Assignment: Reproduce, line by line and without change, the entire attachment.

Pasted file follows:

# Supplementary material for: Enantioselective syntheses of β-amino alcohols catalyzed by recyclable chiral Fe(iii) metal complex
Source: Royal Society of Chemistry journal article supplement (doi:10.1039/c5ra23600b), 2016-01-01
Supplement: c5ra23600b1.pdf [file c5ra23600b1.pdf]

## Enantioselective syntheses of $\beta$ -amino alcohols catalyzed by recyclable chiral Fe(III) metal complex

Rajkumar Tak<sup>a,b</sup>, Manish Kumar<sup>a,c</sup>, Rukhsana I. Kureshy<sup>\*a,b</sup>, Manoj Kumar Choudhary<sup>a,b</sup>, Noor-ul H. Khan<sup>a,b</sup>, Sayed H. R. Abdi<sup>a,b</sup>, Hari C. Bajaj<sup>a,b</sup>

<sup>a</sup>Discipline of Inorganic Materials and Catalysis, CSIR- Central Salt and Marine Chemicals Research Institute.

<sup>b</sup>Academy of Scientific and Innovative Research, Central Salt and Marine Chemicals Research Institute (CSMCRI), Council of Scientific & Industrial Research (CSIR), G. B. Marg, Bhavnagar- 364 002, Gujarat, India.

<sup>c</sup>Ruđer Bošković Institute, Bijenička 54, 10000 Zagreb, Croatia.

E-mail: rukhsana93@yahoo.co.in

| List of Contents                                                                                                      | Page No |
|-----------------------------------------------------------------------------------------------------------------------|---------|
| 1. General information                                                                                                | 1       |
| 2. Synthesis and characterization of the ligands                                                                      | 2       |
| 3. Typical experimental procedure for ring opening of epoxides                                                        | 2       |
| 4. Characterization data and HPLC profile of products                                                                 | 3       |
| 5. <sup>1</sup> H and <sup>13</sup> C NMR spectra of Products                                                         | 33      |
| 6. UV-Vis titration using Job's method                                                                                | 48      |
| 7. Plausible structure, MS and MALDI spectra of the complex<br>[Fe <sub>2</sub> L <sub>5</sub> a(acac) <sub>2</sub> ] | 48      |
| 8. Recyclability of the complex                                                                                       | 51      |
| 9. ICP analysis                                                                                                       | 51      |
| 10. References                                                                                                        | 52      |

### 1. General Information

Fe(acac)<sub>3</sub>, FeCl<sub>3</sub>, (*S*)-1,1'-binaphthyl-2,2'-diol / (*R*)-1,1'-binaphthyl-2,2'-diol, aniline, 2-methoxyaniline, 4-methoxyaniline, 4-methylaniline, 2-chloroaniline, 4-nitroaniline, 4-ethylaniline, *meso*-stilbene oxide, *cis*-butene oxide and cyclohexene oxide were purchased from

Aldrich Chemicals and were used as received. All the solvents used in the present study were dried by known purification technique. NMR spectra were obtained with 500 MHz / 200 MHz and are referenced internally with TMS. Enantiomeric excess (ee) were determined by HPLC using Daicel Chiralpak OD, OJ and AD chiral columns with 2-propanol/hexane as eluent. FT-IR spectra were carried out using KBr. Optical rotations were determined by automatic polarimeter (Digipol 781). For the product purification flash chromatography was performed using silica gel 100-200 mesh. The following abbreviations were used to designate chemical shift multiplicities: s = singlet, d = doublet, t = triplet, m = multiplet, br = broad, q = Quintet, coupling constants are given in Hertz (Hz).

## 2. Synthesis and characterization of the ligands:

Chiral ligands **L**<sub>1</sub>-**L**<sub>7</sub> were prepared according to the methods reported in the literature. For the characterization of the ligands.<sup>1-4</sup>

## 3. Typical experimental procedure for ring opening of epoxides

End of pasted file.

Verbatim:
# Supplementary material for: Enantioselective syntheses of β-amino alcohols catalyzed by recyclable chiral Fe(iii) metal complex
Source: Royal Society of Chemistry journal article supplement (doi:10.1039/c5ra23600b), 2016-01-01
Supplement: c5ra23600b1.pdf [file c5ra23600b1.pdf]

## Enantioselective syntheses of $\beta$ -amino alcohols catalyzed by recyclable chiral Fe(III) metal complex

Rajkumar Tak<sup>a,b</sup>, Manish Kumar<sup>a,c</sup>, Rukhsana I. Kureshy<sup>\*a,b</sup>, Manoj Kumar Choudhary<sup>a,b</sup>, Noor-ul H. Khan<sup>a,b</sup>, Sayed H. R. Abdi<sup>a,b</sup>, Hari C. Bajaj<sup>a,b</sup>

<sup>a</sup>Discipline of Inorganic Materials and Catalysis, CSIR- Central Salt and Marine Chemicals Research Institute.

<sup>b</sup>Academy of Scientific and Innovative Research, Central Salt and Marine Chemicals Research Institute (CSMCRI), Council of Scientific & Industrial Research (CSIR), G. B. Marg, Bhavnagar- 364 002, Gujarat, India.

<sup>c</sup>Ruđer Bošković Institute, Bijenička 54, 10000 Zagreb, Croatia.

E-mail: rukhsana93@yahoo.co.in

| List of Contents                                                                                                      | Page No |
|-----------------------------------------------------------------------------------------------------------------------|---------|
| 1. General information                                                                                                | 1       |
| 2. Synthesis and characterization of the ligands                                                                      | 2       |
| 3. Typical experimental procedure for ring opening of epoxides                                                        | 2       |
| 4. Characterization data and HPLC profile of products                                                                 | 3       |
| 5. <sup>1</sup> H and <sup>13</sup> C NMR spectra of Products                                                         | 33      |
| 6. UV-Vis titration using Job's method                                                                                | 48      |
| 7. Plausible structure, MS and MALDI spectra of the complex<br>[Fe <sub>2</sub> L <sub>5</sub> a(acac) <sub>2</sub> ] | 48      |
| 8. Recyclability of the complex                                                                                       | 51      |
| 9. ICP analysis                                                                                                       | 51      |
| 10. References                                                                                                        | 52      |

### 1. General Information

Fe(acac)<sub>3</sub>, FeCl<sub>3</sub>, (*S*)-1,1'-binaphthyl-2,2'-diol / (*R*)-1,1'-binaphthyl-2,2'-diol, aniline, 2-methoxyaniline, 4-methoxyaniline, 4-methylaniline, 2-chloroaniline, 4-nitroaniline, 4-ethylaniline, *meso*-stilbene oxide, *cis*-butene oxide and cyclohexene oxide were purchased from

Aldrich Chemicals and were used as received. All the solvents used in the present study were dried by known purification technique. NMR spectra were obtained with 500 MHz / 200 MHz and are referenced internally with TMS. Enantiomeric excess (ee) were determined by HPLC using Daicel Chiralpak OD, OJ and AD chiral columns with 2-propanol/hexane as eluent. FT-IR spectra were carried out using KBr. Optical rotations were determined by automatic polarimeter (Digipol 781). For the product purification flash chromatography was performed using silica gel 100-200 mesh. The following abbreviations were used to designate chemical shift multiplicities: s = singlet, d = doublet, t = triplet, m = multiplet, br = broad, q = Quintet, coupling constants are given in Hertz (Hz).

## 2. Synthesis and characterization of the ligands:

Chiral ligands **L**<sub>1</sub>-**L**<sub>7</sub> were prepared according to the methods reported in the literature. For the characterization of the ligands.<sup>1-4</sup>

## 3. Typical experimental procedure for ring opening of epoxides